has been advised of the arrival of the goods and has
had reasonable opportunity thereafter to remove them
or otherwise dispose of them. - no applicable
since article contemplates a situation where the
goods had already reached their place of destination
and are stored in the warehouse of the carrier
Article 1884. The agent is bound by his
acceptance to carry out the agency, and is liable for
the damages which, through his non-performance,
the principal may suffer.
Article 1889. The agent shall be liable for
damages if, there being a conflict between his
interests and those of the principal, he should prefer
his own.
Article 1892. The agent may appoint a substitute if
the principal has not prohibited him from doing so; but
he shall be responsible for the acts of the substitute:

(1) When he was not given the power to appoint
one;

(2) When he was given such power but without
designating the person and the person appointed was
notoriously incompetent or insolvent
Article 1909. The agent is responsible not only for
fraud, but also for negligence which shall be judged
with more or less rigor by the courts, according to
whether the agency was or was not for a
compensation.
The records fail to reveal proof of negligence, deceit
or fraud committed by appellant or by its
representative in the Philippines. Neither is there any
showing of notorious incompetence or insolvency on
the part of AMCYT, which acted as appellant's
substitute in storing the goods awaiting transshipment

Ganzon V. CA (1988)
FACTS: Gelacio > Ganzon (via Capt. Niza) > Lighter
Batman (common carrier) (loaded half)

November 28, 1956: Gelacio Tumambing (Gelacio)
contracted the services of of Mauro B. Ganzon to haul
305 tons of scrap iron from Mariveles, Bataan, to the
port of Manila on board the light LCT Batman
December 1, 1956: Gelacio delivered the scrap iron
to Filomeno Niza, captain of the lighter, for loading
which was actually begun on the same date by the
crew of the lighter under the captains supervisor.
When about half of the scrap iron was already loaded,
Mayor Jose Advincula of Mariveles, Bataan arrived
and demanded P5000 from Gelacio
Upon resisting, the Mayor fired at Gelacio so he had
to be taken to the hospital
Loading of the scrap iron was resumed
December 4, 1956: Acting Mayor Basilio Rub (Rub),
accompanied by 3 policemen, ordered captain
Filomeno Niza and his crew to dump the scrap iron
where the lighter was docked
Later on Rub had taken custody of the scrap iron
RTC: in favor of Gelacio and against Ganzon

ISSUE: W/N Ganzon should be held liable under the
contract of carriage

HELD: YES. Petition is DENIED.
Ganzon thru his employees, actually received the
scraps is freely admitted.
Pursuant to Art. 1736, such extraordinary
responsibility would cease only upon the delivery,
actual or constructive, by the carrier to the consignee,
or to the person who has a right to receive them.
The fact that part of the shipment had not been
loaded on board the lighter did not impair the said
contract of transportation as the goods remained in
the custody and control of the carrier, albeit still
unloaded.
failed to show that the loss of the scraps was due to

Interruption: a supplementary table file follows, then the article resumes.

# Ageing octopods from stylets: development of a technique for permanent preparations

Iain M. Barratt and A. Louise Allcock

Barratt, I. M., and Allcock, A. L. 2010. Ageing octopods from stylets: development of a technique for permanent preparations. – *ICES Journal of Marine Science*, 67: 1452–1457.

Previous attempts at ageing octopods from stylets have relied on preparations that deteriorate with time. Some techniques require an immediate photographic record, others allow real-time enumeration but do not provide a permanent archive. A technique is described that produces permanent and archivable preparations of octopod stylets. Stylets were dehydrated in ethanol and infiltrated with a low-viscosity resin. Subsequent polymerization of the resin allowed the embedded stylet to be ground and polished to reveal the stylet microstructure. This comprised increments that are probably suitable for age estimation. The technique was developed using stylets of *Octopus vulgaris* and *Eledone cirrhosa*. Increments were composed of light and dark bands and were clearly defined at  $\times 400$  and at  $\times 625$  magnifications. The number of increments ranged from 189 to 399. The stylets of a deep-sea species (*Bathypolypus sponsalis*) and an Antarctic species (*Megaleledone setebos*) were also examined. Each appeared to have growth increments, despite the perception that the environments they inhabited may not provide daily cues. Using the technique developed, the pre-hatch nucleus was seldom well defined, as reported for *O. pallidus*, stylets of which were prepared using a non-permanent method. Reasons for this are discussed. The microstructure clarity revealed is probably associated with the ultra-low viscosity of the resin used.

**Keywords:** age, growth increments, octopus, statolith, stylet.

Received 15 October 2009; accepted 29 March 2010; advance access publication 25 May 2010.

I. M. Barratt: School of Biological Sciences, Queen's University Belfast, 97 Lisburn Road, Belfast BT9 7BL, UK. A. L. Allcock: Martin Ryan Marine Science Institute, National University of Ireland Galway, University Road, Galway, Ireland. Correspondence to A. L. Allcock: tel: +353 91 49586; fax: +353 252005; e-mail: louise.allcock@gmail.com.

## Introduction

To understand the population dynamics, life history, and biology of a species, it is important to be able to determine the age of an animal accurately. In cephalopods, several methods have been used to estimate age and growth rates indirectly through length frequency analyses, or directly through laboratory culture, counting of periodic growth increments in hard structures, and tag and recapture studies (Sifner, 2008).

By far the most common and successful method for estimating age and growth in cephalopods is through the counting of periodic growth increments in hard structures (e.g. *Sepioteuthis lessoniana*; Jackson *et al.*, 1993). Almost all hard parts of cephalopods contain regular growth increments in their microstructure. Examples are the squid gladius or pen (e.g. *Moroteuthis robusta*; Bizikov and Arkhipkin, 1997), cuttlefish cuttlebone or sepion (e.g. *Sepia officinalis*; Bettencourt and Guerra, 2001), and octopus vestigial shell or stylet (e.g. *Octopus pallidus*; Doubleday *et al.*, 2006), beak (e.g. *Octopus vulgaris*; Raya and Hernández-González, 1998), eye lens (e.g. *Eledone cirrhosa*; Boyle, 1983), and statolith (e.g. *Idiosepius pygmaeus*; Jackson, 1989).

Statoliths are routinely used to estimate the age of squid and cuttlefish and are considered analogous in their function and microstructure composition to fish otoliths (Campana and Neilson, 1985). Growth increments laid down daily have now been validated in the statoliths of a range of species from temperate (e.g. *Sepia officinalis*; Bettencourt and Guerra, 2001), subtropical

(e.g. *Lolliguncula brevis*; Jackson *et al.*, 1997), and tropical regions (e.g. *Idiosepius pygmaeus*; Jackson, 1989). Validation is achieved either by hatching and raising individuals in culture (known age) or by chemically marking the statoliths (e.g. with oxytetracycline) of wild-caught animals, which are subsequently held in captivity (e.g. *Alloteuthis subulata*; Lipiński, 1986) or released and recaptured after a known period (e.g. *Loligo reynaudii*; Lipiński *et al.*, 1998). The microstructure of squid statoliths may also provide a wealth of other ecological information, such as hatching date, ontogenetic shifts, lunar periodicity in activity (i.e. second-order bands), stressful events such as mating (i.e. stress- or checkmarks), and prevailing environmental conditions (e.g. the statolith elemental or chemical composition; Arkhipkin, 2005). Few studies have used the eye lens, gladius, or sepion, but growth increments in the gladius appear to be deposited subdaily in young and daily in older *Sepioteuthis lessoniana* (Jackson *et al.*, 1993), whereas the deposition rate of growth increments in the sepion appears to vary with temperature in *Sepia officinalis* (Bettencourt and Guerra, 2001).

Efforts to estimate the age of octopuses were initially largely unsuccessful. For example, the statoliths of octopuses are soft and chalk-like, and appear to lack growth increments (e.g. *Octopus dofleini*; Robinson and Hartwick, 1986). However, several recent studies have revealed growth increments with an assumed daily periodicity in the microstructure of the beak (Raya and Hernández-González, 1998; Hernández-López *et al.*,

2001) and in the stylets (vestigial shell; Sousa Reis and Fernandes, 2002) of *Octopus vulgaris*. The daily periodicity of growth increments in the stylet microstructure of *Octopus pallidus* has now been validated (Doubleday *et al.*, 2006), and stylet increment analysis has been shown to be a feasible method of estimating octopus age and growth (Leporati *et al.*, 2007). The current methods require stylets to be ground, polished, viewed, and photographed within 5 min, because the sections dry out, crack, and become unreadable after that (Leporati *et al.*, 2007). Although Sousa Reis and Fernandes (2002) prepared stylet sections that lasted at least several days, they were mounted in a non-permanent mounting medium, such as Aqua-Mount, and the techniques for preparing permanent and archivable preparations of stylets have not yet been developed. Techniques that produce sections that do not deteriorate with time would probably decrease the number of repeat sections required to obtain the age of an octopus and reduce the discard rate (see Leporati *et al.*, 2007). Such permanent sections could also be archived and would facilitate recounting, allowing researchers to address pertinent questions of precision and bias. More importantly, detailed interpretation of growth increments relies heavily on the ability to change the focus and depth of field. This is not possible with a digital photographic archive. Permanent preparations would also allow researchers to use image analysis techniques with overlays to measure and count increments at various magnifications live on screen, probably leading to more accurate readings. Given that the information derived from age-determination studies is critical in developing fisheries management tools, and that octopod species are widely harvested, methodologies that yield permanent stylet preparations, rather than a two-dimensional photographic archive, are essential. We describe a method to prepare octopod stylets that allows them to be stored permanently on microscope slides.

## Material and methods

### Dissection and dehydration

any of the following causes enumerated in Article
1734 of the Civil Code, namely:

(1) Flood, storm, earthquake, lightning, or other natural
disaster or calamity;
(2) Act of the public enemy in war, whether international
or civil;
(3) Act or omission of the shipper or owner of the goods;
(4) The character of the goods or defects in the packing
or in the containers;
(5) Order or act of competent public authority.
Hence, the petitioner is presumed to have been at fault or
to have acted negligently.
By reason of this presumption, the court is not even
required to make an express finding of fault or
negligence before it could hold the petitioner
answerable for the breach of the contract of carriage.
exempted from any liability had he been able to prove
that he observed extraordinary diligence in the
vigilance over the goods in his custody, according to
all the circumstances of the case, or that the loss was
due to an unforeseen event or to force majeure. As it
was, there was hardly any attempt on the part of the
petitioner to prove that he exercised such
extraordinary diligence.
We cannot sustain the theory of caso fortuito - "order
or act of competent public authority"(Art. 1174 of the
Civil Code)
no authority or power of the acting mayor to issue
such an order was given in evidence. Neither has it
been shown that the cargo of scrap iron belonged to
the Municipality of Mariveles.
Ganzon was not duty bound to obey the illegal order
to dump into the sea the scrap iron.
Moreover, there is absence of sufficient proof that the
issuance of the same order was attended with such
force or intimidation as to completely overpower the
will of the petitioner's employees. The mere difficulty
in the fulfillment of the obligation is not
considered force majeure.

Saludo Jr. v. CA
Facts:
Crispina Galdo Saludo, mother of the petitioners, died in
Chicago, Illinois. Pomierski and Son Funeral Home of
Chicago, made the necessary preparations and
arrangements for the shipment of the remains from
Chicago to the Philippines. Pomierski brought the
remains to Continental Mortuary Air Services (CMAS) at
the Chicago Airport which made the necessary
arrangements such as flights, transfers, etc. CMAS